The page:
A genetically modified tree doesn’t necessarily come with all the baggage of genetically modified organisms in breakfast cereal.

No single corporation with deep pockets is behind the creation of the new transgenic American chestnut tree, which contains a gene from wheat that makes it resistant to chestnut blight. (The Monsanto Fund, the philanthropic arm of the Monsanto Company, which has come under fire for its work with GMOs, is one of many donors to the project, but so are the Camp Fire Fund of America and the Lions Club.)

To begin with, there are no plans for big monocultures of chestnut trees.

And the motive is to save a species.

“We are not patenting the blight resistant American chestnut trees so that once we have regulatory approval, all people will be able to propagate them themselves,” the American Chestnut Research and Restoration Project says on its website.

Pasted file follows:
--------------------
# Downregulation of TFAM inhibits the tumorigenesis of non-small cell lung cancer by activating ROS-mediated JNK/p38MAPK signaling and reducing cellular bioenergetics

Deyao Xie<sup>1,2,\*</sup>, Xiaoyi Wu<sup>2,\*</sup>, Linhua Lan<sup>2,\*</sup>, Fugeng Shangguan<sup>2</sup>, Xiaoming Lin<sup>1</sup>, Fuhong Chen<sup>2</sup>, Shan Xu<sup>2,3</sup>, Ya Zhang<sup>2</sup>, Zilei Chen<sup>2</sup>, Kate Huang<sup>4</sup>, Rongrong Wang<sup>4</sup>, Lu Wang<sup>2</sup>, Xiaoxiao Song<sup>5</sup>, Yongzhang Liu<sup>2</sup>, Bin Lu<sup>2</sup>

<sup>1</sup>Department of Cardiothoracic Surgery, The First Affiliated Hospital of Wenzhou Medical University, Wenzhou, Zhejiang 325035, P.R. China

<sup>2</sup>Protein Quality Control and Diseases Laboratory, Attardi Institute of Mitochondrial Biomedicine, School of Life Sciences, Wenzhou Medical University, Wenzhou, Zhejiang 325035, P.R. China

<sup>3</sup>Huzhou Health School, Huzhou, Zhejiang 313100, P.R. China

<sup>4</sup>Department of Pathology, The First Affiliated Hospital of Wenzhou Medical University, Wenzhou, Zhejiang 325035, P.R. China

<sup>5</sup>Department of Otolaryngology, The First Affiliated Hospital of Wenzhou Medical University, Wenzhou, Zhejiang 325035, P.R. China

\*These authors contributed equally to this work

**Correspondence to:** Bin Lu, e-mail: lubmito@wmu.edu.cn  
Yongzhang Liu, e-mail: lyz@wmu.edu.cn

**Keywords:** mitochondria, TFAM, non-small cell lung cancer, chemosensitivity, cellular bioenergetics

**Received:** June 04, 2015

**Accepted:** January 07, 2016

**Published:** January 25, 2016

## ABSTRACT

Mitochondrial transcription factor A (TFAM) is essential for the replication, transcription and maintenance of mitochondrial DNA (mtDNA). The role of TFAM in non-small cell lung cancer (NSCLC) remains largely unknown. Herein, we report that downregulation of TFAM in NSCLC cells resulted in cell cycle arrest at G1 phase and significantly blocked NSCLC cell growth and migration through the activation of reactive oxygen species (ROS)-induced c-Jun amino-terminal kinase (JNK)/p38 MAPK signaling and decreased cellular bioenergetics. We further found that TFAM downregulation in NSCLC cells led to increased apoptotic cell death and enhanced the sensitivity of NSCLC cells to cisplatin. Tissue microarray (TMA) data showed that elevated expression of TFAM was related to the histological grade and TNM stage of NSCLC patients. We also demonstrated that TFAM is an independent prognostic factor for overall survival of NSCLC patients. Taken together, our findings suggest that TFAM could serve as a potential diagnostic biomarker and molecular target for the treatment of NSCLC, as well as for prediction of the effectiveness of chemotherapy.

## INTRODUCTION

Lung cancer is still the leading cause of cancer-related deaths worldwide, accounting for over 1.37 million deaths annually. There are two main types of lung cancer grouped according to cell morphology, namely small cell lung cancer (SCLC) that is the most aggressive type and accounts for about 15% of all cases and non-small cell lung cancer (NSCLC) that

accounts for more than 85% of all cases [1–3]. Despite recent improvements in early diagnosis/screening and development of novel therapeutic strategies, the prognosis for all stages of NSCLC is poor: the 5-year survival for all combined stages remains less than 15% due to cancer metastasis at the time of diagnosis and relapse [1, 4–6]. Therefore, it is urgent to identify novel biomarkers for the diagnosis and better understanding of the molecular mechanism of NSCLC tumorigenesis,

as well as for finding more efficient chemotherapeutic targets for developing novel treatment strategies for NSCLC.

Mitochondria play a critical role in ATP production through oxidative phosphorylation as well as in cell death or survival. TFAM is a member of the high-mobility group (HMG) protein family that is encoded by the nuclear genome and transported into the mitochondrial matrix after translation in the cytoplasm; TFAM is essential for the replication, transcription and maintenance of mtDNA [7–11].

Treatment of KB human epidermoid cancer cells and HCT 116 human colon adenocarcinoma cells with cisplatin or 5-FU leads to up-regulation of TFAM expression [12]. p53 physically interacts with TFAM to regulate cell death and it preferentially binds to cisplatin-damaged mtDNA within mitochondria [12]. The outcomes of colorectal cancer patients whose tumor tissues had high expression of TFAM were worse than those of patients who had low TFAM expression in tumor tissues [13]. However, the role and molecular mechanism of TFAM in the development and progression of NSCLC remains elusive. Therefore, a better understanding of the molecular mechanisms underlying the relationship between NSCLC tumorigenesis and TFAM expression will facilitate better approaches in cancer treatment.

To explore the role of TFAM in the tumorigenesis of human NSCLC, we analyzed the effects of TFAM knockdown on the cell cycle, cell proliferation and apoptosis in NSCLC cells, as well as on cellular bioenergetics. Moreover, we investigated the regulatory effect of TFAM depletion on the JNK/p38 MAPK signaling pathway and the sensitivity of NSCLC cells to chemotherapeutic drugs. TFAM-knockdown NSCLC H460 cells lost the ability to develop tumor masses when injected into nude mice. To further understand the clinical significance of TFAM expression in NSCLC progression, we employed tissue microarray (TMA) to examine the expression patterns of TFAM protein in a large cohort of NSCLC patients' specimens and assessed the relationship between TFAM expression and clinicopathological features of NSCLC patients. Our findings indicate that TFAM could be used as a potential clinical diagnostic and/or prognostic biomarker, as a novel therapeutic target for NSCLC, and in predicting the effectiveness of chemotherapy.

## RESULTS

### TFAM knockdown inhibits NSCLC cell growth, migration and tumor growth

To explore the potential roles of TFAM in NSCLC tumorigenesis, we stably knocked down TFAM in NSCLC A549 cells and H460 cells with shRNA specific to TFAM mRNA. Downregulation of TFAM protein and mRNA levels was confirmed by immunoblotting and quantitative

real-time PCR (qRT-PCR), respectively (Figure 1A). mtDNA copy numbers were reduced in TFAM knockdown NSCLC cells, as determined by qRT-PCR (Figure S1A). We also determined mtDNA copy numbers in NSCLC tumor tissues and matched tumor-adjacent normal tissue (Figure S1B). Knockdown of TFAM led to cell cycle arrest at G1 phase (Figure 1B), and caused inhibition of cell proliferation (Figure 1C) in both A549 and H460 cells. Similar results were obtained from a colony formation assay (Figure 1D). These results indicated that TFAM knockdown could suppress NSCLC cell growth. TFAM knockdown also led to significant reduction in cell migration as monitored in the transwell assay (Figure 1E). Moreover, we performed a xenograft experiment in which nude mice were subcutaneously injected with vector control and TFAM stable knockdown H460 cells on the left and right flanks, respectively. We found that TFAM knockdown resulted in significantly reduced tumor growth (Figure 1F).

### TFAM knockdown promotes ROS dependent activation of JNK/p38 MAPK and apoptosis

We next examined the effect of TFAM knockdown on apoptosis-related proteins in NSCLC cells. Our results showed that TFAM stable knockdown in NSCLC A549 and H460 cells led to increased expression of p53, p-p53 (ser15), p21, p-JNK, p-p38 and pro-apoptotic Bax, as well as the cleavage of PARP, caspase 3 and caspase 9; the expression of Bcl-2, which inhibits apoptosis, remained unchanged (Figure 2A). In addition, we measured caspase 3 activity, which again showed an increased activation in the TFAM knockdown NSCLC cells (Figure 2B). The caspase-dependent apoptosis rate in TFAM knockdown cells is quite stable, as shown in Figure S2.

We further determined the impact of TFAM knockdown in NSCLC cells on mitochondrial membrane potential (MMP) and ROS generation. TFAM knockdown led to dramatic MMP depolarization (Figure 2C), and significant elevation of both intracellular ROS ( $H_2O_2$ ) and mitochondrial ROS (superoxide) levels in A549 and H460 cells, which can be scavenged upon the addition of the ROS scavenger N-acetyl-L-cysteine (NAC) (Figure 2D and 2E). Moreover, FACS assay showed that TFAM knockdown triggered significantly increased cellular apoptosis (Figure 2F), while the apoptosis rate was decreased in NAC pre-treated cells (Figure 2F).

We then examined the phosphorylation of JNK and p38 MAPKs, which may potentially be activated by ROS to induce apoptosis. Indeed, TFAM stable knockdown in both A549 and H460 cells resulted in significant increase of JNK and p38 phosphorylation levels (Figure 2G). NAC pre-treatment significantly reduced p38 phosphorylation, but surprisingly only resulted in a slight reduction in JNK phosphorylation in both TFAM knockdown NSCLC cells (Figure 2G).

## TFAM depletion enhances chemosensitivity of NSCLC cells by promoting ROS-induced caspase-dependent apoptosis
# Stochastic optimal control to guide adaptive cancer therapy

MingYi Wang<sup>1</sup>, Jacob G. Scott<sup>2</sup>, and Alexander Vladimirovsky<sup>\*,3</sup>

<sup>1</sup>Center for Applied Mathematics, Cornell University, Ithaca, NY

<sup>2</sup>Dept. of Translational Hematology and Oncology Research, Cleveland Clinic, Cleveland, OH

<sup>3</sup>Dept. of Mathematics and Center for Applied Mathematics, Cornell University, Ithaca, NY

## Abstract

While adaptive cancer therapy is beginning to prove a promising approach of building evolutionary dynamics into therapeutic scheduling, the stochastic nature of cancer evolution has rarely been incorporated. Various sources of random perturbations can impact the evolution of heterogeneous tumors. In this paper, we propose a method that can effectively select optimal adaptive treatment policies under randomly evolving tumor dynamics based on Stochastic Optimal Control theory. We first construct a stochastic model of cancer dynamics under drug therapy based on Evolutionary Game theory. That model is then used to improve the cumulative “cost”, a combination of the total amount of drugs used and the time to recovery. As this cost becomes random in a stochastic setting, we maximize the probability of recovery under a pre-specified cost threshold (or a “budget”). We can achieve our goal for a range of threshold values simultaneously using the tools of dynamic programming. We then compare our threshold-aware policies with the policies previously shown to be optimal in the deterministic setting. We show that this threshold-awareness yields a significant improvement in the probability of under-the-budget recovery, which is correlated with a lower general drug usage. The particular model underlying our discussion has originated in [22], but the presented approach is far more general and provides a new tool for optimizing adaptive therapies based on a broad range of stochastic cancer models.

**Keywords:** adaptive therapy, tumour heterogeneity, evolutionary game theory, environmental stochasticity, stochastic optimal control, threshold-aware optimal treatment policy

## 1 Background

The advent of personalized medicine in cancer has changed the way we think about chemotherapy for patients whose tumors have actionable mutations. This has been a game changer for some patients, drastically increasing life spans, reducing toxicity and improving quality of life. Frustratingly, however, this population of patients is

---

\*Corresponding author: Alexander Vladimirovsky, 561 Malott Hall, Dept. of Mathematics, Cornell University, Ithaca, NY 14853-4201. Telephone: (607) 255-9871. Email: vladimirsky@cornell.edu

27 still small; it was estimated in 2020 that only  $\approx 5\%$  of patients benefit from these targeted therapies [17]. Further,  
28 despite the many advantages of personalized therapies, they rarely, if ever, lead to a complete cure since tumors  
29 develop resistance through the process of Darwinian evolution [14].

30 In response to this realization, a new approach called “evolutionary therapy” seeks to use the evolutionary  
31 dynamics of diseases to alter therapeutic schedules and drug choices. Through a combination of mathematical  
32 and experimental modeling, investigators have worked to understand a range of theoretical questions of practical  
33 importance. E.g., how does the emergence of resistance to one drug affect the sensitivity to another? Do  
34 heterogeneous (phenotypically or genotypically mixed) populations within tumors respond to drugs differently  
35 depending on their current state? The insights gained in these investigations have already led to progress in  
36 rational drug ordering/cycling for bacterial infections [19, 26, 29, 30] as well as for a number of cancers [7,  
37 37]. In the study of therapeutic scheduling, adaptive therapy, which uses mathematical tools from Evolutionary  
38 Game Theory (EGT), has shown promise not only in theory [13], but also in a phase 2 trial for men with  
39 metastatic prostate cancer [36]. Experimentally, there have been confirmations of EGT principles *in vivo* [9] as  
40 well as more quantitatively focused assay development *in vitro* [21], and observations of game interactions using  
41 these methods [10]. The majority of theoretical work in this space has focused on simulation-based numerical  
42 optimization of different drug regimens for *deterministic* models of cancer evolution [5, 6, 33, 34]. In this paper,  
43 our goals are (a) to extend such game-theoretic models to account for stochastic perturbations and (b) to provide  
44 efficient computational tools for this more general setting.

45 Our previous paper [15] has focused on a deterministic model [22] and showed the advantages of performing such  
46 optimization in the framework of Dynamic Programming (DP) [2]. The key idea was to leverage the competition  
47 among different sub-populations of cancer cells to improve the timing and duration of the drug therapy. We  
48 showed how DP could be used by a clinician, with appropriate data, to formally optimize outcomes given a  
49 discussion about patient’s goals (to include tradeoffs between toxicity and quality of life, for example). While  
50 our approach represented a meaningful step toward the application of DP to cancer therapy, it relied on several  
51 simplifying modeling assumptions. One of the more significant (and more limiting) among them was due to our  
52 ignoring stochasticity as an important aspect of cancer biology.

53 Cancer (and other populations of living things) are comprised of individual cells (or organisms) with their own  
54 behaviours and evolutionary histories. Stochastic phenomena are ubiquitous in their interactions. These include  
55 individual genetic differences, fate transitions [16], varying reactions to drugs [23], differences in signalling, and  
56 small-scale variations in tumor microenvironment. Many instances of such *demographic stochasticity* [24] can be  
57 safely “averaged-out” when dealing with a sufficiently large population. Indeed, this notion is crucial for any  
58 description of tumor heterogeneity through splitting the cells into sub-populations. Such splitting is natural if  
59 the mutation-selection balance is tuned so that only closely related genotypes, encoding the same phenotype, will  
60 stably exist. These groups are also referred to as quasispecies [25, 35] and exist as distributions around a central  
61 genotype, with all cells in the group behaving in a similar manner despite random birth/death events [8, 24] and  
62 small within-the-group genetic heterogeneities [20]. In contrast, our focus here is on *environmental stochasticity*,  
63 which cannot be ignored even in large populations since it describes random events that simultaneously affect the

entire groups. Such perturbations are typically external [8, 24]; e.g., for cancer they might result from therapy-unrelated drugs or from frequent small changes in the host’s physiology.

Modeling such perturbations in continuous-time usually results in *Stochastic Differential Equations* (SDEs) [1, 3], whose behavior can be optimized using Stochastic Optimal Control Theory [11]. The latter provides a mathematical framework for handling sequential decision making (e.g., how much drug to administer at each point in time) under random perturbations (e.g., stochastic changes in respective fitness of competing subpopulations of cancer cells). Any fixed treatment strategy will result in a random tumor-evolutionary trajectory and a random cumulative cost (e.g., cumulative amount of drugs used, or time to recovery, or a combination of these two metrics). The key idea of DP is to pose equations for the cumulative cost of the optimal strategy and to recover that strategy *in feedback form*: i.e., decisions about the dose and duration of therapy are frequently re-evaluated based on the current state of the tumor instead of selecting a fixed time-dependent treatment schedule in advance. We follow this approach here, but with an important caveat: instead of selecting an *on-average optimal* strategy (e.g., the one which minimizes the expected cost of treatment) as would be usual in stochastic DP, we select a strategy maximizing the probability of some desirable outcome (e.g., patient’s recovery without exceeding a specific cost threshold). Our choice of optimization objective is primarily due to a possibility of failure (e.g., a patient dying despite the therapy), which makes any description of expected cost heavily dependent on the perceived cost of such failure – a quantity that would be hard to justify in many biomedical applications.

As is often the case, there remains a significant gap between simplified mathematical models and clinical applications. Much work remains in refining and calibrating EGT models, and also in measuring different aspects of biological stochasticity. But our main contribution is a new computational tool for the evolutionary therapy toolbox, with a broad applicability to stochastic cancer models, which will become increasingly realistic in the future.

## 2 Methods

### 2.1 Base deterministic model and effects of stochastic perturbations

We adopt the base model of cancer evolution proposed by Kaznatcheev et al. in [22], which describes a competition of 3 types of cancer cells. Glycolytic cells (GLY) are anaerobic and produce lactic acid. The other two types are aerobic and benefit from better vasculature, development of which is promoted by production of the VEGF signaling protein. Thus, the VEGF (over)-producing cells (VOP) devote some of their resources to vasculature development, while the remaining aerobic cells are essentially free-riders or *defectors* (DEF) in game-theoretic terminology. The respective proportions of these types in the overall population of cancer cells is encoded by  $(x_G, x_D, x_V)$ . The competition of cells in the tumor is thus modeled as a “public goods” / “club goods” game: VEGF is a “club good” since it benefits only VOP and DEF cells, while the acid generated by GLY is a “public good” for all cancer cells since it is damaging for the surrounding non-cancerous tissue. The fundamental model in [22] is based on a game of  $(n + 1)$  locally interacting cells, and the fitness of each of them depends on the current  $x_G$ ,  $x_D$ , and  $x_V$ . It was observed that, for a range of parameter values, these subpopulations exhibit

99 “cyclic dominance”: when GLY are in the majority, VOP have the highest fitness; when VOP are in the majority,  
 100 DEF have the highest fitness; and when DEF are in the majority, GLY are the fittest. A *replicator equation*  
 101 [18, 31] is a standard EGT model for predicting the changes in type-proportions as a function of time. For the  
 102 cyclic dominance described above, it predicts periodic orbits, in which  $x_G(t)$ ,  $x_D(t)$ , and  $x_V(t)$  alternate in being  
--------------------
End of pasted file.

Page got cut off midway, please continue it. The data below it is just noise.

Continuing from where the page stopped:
But if the federal government approves the dissemination of the transgenic chestnut tree developed at the State University of New York’s College of Environmental Science and Forestry, “It will inherit the controversy that is associated with GMO,” says Tom Klak, an environmental studies professor at the University of New England.

Before it can be passed out to the states for propagation and planting, the tree must undergo review by the U.S. Department of Agriculture, the Environmental Protection Agency and the U.S. Food and Drug Administration – a process that is expected to take at least two years.

“They have to show that putting this gene in from wheat doesn’t have any unintended consequences,” said Jared Westbrook, director of science at the American Chestnut Foundation. “Namely, does it affect the growth of the tree? Does it affect pollinators? Does it affect any of the beneficial fungi, like the fungi that colonize the roots and help them take up nutrients?”

Westbrook said that even within his organization’s own ranks, there’s concern that the genetically modified tree may be seen as an ecological magic bullet.

Scientists worry that the fungus that causes chestnut blight could evolve and one day overcome the tree’s disease resistance.

Meredith Goad can be contacted at 791-6332 or at:

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